European Communities Bill, 1972: From the Seanad.

The Dáil went into Committee to consider amendments from the Seanad.

I move that the Committee agree with the Seanad in Amendment No. 1:

Section 3: In page 3, after subsection (2), the following subsection inserted:—

"(3) Regulations under this section shall not create an indictable offence."

I gave consideration to suggestions made in the Dáil and Seanad that there should be limitations on the power of Ministers to make recommendations under the Bill. I have explained before that this is not necessary for our Bill, under which— unlike the Act from which Deputies quoted—regulations must be confirmed by statute or they will lapse. Nevertheless, and although it is not logical, I felt that the Bill should contain a limitation on the power to create offences and that this limitation should be related to the weight of the penalty that would be or might be imposed. For that purpose I moved an amendment and obtained acceptance of it in the Seanad, this amendment which I am now moving.

The amendment confines the offences which may be created by ministerial regulation to offences not triable on indictment or in other words to summary offences dealt with by the district courts and excludes offences triable by judge and jury. An offence created by regulation under this Bill could not therefore carry any greater penalty than may be imposed by a district court.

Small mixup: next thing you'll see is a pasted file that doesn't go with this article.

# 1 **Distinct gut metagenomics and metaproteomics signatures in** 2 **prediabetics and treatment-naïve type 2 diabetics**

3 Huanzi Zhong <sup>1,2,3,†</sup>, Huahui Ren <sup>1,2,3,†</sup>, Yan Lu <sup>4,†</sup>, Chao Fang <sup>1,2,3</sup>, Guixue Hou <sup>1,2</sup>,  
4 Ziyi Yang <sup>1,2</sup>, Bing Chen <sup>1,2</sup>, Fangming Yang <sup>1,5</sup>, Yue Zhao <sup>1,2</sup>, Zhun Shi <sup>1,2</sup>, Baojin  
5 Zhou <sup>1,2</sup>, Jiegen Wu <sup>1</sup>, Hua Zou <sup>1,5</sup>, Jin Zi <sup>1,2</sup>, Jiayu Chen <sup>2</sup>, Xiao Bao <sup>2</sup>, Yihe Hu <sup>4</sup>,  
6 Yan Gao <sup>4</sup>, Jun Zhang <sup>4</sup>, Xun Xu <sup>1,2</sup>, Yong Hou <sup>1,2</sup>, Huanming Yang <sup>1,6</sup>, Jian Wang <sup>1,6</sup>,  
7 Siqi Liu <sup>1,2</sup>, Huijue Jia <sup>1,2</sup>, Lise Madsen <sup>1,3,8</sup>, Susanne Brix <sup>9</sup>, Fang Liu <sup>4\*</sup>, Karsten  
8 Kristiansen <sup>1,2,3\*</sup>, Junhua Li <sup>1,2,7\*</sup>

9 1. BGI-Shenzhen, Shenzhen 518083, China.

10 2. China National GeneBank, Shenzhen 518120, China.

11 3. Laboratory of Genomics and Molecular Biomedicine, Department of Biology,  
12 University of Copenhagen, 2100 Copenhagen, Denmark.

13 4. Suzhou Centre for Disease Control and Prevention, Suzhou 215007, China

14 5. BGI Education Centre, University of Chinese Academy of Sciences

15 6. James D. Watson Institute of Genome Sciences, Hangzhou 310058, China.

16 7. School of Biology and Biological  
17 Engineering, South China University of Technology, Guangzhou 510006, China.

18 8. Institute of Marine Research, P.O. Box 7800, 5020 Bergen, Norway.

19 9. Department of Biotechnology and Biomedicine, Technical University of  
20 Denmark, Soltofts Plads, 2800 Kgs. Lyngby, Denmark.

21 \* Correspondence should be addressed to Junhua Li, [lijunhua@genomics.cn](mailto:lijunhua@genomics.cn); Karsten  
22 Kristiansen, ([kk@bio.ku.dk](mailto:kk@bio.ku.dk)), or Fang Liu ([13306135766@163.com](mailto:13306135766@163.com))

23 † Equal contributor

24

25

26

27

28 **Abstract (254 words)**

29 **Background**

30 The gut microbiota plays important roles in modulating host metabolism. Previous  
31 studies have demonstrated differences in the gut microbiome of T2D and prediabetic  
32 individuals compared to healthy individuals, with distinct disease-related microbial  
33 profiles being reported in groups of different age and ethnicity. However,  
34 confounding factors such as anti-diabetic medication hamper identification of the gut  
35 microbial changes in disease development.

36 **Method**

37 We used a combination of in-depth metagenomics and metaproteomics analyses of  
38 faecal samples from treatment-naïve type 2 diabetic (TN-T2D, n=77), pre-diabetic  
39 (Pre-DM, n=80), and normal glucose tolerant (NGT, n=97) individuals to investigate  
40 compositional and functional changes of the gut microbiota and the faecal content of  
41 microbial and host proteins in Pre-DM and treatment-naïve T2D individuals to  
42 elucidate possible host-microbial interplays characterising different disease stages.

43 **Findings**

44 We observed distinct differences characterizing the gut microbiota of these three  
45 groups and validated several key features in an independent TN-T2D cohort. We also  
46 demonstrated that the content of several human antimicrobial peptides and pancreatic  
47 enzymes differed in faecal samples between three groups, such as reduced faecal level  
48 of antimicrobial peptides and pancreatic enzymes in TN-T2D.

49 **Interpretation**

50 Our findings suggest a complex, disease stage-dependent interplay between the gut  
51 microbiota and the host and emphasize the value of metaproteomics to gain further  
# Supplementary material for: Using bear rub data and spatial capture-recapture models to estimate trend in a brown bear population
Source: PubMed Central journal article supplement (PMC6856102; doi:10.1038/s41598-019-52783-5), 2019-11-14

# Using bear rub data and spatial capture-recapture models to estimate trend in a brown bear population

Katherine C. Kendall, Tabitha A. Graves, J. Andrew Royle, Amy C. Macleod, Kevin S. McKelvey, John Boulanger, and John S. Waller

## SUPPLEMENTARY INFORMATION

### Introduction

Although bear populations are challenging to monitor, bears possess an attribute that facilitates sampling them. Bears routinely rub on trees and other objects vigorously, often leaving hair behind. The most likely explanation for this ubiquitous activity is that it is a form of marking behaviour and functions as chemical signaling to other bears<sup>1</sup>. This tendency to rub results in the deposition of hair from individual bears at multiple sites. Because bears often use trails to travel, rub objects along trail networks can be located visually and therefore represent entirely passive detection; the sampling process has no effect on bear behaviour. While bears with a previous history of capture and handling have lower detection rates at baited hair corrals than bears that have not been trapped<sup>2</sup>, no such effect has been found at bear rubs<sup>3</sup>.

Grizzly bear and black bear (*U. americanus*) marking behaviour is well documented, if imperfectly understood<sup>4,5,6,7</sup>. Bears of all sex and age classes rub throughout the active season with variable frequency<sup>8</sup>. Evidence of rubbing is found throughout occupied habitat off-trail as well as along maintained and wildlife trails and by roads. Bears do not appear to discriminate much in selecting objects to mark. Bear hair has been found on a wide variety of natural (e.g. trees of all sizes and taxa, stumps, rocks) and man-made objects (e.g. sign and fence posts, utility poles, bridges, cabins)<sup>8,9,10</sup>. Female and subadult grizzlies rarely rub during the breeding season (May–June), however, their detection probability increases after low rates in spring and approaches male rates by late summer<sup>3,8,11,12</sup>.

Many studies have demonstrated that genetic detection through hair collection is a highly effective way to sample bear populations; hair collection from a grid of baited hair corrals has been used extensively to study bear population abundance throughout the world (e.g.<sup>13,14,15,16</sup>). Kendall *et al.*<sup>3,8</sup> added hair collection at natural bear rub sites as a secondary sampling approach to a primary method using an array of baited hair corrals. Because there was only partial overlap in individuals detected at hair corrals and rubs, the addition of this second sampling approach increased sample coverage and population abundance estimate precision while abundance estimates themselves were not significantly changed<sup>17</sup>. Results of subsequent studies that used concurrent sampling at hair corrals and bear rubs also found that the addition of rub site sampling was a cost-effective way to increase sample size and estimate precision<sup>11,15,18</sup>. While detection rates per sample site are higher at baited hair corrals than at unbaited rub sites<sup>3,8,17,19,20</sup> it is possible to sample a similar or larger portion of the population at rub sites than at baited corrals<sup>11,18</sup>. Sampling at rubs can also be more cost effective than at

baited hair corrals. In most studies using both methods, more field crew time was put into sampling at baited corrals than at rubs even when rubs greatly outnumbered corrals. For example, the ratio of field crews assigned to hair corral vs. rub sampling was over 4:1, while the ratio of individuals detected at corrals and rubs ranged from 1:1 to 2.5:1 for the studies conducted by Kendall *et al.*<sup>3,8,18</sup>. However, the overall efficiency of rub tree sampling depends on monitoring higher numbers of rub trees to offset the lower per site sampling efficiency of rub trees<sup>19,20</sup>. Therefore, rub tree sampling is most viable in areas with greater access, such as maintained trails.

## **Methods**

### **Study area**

While we are pleased that the Minister has come some of the way he has not yet, of course, answered the main objection which we voiced in this House and which has been voiced in the Seanad. Fine Gael object to new crimes being created by ministerial order. We object to new crimes being created without the necessary law being scrutinised under the microscope of Parliament. We believe it is dangerous to give this power to the Minister.

Quite severe penalties are available in the district courts for non-indictable offences. Those penalties can include imprisonment, fine, withdrawal of certain privileges or licences or other rights and it is no answer to say, as the Minister said again this morning, that it is illogical to even require this because under the legislation the regulations would lapse unless approved by statute. But the offence would, nevertheless, exist and could exist for a period of up to six months. It would be small consolation to somebody who had been punished by a fine or imprisonment to learn subsequently that when Parliament considered the matter they were of the view that the Minister should never have created such an offence. There will be innumerable occasions when people will be suffering or will have suffered the penalties before Parliament could pass the necessary legislation declaring the Minister's action to be without the approval of Parliament.